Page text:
Putting the most vulnerable first: Refugees facing the new EU-Turkey deal

By Sarah Pickwick, Senior Conflict Adviser, World Vision UK

Earlier this year I met Hannan, a Syrian mother travelling through Serbia with her five small children, all under the age of eight. As we sat with her she told us about her journey – first from Turkey to Greece by boat, and then through Macedonia and Serbia during the cold winter months.

On the crossing from Greece, a steady stream of water had entered their boat. Hannan was terrified that they wouldn’t make it. When I met them her children were well wrapped up in coats, but sporting colds as a legacy from the boat.

Hannan wasn’t prepared to stop for long. She wanted to press on, fearful that the borders ahead would close, preventing her from reuniting with her husband who had gone ahead to Germany. Hannan’s story was like many of the other stories I heard, not just from Syrians, but other nationalities too. It’s a story of a mother who has been through so much and is desperate to continue on, to ensure a better future for her family.

EU-Turkey: a new deal

It’s been several months’ since I met Hannan, and refugees from many different countries are still trying to come to Europe. Most borders along the Balkan route are now closed, and refugees are waiting in Greece for next steps. This morning a new deal came into force between Turkey and Greece, intending to return families in Greece, whose applications for asylum have been rejected, back to Turkey.

The details are still unclear as to how it is going to work. Earlier this morning, Frontex, the EU border agency, told the Guardian that 131 people had been sent back in boats from Lesbos to Turkey. In exchange, 16 Syrians journeyed from Turkey to Germany. However, the vast majority of the people sent back to Turkey had already entered Greece before the deal began, so it is difficult to see how things will play out over the next few days, weeks, and months, and whether the best interests of children and their families will be protected.

My personal fear is that if Hannan and the other families I met in January, on a semi formal route, were so desperate to push on with the journey whilst their children were sick, what lengths will people go to now when they are told they can’t come at all (or go any further)? I don’t know if this deal will stop them, or whether it will push refugee families to even more desperate measures of placing themselves in the hands of unscrupulous smugglers.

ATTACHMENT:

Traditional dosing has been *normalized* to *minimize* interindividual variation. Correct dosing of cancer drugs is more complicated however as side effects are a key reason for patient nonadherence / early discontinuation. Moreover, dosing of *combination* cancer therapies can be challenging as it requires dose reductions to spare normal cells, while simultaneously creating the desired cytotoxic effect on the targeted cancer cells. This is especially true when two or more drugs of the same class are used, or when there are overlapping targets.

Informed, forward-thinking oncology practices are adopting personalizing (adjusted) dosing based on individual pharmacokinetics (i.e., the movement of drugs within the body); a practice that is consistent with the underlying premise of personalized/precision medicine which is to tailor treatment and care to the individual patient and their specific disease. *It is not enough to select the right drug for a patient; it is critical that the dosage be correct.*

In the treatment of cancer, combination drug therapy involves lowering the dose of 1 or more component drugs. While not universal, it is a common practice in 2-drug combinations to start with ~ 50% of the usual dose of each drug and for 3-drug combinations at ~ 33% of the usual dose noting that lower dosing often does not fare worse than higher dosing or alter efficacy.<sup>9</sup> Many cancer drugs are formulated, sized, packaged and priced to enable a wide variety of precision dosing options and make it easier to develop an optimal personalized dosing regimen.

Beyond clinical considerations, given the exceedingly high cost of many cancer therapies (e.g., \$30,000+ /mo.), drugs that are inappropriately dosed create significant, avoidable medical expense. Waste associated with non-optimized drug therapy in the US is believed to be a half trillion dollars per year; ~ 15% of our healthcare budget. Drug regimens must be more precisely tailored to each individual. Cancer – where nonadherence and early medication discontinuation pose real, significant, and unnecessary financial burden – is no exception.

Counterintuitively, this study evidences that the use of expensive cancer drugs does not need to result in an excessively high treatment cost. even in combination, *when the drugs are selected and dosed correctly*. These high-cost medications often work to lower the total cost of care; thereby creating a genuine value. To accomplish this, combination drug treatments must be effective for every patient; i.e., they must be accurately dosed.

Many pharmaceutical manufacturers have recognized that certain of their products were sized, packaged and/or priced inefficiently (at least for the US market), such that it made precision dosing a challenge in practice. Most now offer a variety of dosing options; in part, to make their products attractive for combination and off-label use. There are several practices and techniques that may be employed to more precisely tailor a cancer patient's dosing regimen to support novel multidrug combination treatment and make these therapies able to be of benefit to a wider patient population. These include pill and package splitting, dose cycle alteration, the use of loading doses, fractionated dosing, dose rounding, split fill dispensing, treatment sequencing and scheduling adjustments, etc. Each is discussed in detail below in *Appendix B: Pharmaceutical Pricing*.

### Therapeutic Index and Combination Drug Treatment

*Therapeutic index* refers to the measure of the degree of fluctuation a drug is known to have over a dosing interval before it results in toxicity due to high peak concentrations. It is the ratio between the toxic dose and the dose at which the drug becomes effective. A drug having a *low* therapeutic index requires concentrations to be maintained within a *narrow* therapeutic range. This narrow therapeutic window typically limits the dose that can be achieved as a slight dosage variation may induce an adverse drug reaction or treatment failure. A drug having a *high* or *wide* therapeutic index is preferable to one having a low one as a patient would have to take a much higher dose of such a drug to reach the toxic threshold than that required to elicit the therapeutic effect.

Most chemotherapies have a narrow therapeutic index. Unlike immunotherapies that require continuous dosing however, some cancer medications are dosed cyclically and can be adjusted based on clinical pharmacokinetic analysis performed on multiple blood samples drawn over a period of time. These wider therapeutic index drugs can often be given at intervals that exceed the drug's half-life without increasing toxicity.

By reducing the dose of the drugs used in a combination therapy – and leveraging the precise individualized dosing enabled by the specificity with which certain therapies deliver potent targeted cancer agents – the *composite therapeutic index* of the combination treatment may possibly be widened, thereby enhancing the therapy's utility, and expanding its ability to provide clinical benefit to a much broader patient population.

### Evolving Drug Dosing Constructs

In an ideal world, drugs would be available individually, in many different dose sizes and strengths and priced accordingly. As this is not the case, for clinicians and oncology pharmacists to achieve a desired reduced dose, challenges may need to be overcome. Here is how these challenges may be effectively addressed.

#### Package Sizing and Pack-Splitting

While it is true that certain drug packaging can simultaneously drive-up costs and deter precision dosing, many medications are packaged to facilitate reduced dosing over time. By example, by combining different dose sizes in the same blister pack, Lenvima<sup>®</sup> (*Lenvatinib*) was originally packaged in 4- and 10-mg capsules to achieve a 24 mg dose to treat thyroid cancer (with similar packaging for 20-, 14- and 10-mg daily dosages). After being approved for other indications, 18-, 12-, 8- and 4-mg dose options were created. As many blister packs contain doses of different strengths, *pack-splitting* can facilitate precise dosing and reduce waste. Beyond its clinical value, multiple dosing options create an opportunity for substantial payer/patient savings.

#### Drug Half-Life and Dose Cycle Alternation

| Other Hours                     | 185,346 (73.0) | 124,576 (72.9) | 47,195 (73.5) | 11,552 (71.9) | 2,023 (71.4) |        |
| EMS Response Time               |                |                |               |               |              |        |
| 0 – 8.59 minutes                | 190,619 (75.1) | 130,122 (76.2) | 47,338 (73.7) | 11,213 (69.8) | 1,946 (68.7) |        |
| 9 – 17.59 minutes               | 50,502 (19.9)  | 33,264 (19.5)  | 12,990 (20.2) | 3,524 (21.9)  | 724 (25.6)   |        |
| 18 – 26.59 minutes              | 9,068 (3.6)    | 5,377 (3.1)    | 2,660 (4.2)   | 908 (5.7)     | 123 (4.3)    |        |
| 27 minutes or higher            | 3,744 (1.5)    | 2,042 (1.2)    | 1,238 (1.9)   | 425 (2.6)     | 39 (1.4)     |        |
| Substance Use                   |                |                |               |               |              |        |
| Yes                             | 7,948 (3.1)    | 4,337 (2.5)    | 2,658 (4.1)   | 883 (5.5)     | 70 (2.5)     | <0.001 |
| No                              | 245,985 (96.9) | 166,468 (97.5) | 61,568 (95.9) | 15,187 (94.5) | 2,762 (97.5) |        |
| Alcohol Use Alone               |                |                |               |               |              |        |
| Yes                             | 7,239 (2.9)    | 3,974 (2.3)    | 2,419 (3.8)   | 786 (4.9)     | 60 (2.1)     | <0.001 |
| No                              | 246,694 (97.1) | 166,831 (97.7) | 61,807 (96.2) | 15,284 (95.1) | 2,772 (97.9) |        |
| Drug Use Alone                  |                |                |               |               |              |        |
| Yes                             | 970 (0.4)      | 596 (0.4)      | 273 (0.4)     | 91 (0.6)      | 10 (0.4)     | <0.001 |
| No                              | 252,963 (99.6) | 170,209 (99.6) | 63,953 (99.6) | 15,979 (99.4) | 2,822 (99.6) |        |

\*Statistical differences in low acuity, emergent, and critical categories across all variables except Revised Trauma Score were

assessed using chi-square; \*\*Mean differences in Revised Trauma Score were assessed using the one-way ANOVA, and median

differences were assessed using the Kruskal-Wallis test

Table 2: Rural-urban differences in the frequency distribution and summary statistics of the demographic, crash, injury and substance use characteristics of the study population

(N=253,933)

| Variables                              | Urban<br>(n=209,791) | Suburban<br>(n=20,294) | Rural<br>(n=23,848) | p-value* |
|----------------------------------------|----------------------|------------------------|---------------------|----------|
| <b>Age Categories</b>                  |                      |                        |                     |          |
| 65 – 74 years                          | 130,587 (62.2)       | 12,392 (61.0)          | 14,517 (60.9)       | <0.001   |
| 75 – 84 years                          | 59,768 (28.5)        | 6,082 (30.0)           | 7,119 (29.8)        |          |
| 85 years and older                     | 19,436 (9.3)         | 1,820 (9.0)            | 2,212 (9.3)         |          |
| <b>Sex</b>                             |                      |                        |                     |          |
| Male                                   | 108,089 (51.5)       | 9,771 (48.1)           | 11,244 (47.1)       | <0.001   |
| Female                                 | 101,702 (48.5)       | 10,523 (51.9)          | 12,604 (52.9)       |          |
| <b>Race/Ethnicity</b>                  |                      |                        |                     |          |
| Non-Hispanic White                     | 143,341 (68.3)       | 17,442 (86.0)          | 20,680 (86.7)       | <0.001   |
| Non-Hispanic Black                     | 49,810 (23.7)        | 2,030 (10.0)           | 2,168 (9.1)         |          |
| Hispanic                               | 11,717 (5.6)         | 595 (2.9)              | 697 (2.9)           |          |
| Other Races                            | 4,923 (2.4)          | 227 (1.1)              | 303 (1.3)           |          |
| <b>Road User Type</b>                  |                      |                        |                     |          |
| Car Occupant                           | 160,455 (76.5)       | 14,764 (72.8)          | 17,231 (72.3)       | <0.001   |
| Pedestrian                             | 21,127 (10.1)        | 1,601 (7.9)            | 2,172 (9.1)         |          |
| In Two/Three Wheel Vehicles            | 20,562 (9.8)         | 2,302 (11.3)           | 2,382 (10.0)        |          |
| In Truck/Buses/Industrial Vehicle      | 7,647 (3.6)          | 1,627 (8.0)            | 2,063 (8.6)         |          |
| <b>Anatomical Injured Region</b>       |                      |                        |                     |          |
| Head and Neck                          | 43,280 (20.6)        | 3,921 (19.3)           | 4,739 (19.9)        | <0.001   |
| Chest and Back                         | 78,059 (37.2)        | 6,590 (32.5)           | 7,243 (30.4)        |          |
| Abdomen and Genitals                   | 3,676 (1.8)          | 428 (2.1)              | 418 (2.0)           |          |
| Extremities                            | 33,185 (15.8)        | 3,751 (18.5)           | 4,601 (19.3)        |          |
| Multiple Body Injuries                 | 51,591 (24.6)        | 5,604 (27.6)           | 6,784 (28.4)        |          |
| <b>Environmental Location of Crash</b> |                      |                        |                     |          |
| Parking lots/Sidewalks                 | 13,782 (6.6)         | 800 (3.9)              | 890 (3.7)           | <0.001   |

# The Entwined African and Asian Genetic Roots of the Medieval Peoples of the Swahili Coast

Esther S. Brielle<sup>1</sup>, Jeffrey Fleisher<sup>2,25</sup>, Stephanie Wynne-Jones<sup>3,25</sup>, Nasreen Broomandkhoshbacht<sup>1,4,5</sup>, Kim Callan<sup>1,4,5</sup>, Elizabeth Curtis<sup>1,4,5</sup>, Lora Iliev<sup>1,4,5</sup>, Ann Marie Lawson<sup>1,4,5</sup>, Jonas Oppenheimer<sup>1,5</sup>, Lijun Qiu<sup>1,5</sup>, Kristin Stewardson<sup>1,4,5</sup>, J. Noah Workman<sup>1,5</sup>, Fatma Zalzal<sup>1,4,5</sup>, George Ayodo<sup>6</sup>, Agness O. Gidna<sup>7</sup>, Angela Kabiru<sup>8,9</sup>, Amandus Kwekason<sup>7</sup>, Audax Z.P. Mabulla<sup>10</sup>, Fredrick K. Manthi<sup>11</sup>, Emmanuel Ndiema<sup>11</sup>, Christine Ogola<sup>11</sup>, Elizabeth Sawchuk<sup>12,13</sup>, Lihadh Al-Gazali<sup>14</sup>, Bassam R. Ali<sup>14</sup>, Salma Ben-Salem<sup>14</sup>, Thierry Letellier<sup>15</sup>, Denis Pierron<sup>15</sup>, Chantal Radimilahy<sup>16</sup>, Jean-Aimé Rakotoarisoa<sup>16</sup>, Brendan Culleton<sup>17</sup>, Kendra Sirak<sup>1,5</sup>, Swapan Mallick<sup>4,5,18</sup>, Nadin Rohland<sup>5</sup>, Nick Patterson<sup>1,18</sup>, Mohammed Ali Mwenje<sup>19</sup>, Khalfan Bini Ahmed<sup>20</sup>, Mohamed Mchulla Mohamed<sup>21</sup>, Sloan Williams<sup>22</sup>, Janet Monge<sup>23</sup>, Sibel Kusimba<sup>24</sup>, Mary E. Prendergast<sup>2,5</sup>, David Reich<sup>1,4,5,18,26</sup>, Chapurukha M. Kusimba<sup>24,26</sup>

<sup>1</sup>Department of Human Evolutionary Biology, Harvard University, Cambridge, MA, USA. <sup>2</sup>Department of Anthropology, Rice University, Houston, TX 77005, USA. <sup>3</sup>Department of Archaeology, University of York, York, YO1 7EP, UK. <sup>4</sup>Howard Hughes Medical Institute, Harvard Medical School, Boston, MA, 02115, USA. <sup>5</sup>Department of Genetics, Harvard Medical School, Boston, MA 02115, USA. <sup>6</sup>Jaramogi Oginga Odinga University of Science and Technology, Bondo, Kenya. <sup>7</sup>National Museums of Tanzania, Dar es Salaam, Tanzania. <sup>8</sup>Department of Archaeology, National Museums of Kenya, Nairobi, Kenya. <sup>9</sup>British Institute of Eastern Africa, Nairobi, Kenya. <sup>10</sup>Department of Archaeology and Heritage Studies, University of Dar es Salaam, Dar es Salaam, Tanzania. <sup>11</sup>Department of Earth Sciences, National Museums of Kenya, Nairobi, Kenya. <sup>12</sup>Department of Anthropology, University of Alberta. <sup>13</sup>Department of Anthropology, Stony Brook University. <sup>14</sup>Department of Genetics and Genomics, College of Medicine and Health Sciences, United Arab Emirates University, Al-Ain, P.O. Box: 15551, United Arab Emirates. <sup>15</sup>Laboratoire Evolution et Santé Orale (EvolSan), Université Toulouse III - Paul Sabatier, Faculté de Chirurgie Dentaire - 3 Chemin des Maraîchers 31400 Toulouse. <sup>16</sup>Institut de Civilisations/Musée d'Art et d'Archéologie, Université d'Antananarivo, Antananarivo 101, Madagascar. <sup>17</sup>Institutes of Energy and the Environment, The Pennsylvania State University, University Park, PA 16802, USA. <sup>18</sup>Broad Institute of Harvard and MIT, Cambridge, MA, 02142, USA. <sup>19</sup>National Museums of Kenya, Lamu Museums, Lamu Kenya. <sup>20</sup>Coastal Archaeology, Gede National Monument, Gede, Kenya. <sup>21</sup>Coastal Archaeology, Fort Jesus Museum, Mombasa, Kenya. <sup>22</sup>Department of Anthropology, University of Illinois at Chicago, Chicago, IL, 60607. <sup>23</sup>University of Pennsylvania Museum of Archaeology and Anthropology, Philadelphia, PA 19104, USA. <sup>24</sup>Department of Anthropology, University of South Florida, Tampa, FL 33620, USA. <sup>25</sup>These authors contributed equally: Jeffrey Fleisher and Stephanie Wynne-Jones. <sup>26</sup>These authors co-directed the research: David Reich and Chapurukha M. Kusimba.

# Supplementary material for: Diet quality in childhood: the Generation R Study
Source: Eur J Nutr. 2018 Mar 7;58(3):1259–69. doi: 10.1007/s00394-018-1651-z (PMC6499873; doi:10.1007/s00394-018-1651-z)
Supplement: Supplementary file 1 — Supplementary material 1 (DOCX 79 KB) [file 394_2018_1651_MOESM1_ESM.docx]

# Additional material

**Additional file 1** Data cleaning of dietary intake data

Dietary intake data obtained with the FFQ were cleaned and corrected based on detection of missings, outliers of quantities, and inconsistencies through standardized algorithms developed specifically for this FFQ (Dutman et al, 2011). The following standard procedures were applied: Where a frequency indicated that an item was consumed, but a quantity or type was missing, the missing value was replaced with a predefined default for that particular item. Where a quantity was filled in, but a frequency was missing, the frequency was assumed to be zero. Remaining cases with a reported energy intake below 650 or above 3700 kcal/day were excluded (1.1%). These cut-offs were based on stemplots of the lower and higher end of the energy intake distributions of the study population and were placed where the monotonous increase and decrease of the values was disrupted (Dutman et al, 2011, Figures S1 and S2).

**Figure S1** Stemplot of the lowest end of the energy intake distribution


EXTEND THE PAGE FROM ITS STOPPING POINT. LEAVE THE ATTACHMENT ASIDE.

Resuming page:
If not this deal, what’s the answer to the refugee crisis?

One key thing that often seems to be forgotten in discussing this crisis is the need for the international community to focus on preventing and resolving the crises from which refugees are fleeing in the first place. The Syrian conflict is now in its sixth year. Almost five million people have fled the country and a further six and a half million are displaced inside Syria. But it’s not the only conflict from which refugees are fleeing; it’s just the one we hear the most of in the headlines.

The conflict in South Sudan is in its third year and three quarters of a million refugees have fled the country; another almost two million are displaced within the country. Around one million Somalis have sought refuge in neighbouring countries due to the violence there.

Globally the UN estimates that wars, conflict and persecution have forced more people now than at any other time since records began to flee their homes and seek refuge and safety elsewhere. One in every 122 people on the planet is now either a refugee, internally displaced, or seeking asylum. Grouped together, those 60 million people who’ve been forced to flee would make up the world’s 24th largest country, rivalling Italy for population. 30 million of those displaced are children.

We don’t have all the answers. But at World Vision what we can do is continue to care for the needs of the world’s most vulnerable children and their families in the hardest places, whenever we can, and continue to challenge injustice where we see it.

For Syria, over the past six years our supporters have helped us reach children and their families affected by the crisis in countless ways. In camps and host communities in Jordan, Lebanon, Turkey and Iraq, we’ve been providing food, clean water, education, kits for babies and spaces for children to play, among other things. Inside Syria we’re helping provide healthcare and clean water. And in Serbia, where I met Hannan, we’ve spent the past six months supporting Syrian refugees travelling through, giving them food parcels, coats, and a safe space to rest.

Our work isn’t just physical either. As this new deal rolls into action over the next few weeks, we’ll be watching closely, thinking of all the families and children we’ve met, and continuing to insist that the needs of vulnerable children are placed first.

Sarah Pickwick is a senior conflict advisor for World Vision UK; you can follow her on twitter @sarahpickwick. To learn more about our Refugee and Syria Crisis work, please visit our update page here >> 

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